Sarah Hanson-Young: I don't think I'll get an apology, and I don't think I really want one. I don't think it would be a genuine apology because I don't believe it was ever about me. I believe it was about shutting down and intimidating people who wanted me to know the truth. It was about making the people who wanted to speak to me, who wanted their voices heard, who wanted the truth to get out, from being able to have that communication to me.
VICE**:** Why do you think they were so concerned about a government minister talking to people on the ground?
Sarah Hanson-Young: I think it's an indictment on how obsessed the Liberal Party is with the idea that any dissent in the ranks—any view that what's going on there is wrong—they want to intimidate, ridicule or shut down. And the sad thing about it is when I first went to Nauru, I was made aware of allegations around child abuse—women being sexually assaulted by the guards who work there, the pressure to exchange sexual favours to access longer showers and amenities.
Since then, that's been tested by the government's own independent review, the Moss Enquiry, and found out to be right. You'd think that at a time when we're spending millions of dollars on a royal commission into the abuse of children in religious organisations, that you'd want to have a good hard think about not making those same mistakes.
At this point we climb back into the karts for another race. I tell her I'd be willing to discuss a preference deal with any points scored as we go around the track. We fail to reach an agreement in time, but after the race we get stuck into this topic.
VICE**:** I don't understand why all the parties get so personally affronted when other parties make deals. It seems like such a pragmatic, strategic thing.
Sarah Hanson-Young: Let me say first up, I hate the whole preferences thing. I hate it. I think the idea that parties hand out these "How To Vote" cards, and this somehow gives us some bargaining power. My personal view is we should do away with "How To Vote" cards.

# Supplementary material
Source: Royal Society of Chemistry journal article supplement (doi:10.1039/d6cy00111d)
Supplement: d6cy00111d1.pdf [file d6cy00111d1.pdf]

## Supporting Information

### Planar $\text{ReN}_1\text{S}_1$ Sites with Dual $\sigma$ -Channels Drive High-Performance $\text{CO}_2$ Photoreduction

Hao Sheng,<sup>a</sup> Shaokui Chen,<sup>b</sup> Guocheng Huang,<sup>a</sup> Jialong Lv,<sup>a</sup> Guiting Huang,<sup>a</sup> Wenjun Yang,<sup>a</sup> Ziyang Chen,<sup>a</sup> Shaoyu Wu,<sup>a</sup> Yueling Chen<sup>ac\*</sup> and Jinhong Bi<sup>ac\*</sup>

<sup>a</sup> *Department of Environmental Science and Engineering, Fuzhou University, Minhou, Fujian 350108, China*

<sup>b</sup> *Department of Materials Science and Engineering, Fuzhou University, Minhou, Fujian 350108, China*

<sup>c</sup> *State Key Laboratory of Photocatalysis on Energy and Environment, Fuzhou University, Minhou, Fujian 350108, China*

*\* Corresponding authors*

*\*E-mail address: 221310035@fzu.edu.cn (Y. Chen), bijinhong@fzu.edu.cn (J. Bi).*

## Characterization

Another thing that's been frustrating for Greens voters and supporters this election is seeing the Labor Party get so hot under the collar about Greens running in some of their seats: Sydney, Batman, and a bunch of others. Getting affronted by the fact that the Greens are doing well in those seats and then trying to say that we're targeting them and not targeting the Liberal seats.
Well, actually, we have every right to stand in whatever seat we want. Then to see them do a deal with the Liberal Party, we just think, oh, yeah, pragmatic is one word for it. Hypocritical is another.
Back on the track, and our race comes to an end after about 15 laps. I suggest we call it a draw, but Sarah isn't having any of it. She lapped me, completely whipped my arse.
"That was fun!" she says cheerily. "We should make this a thing, racing another Senator."
"Who would be up for it?" her media advisor wonders.
"Ricky Muir?" I suggest.
They hand us a print-out of our race times as we leave the track. "By the way, Sarah," I say quietly, "I should point out that you won by passing me on the right." She laughs, my sledge that I thought so clever, deflected completely.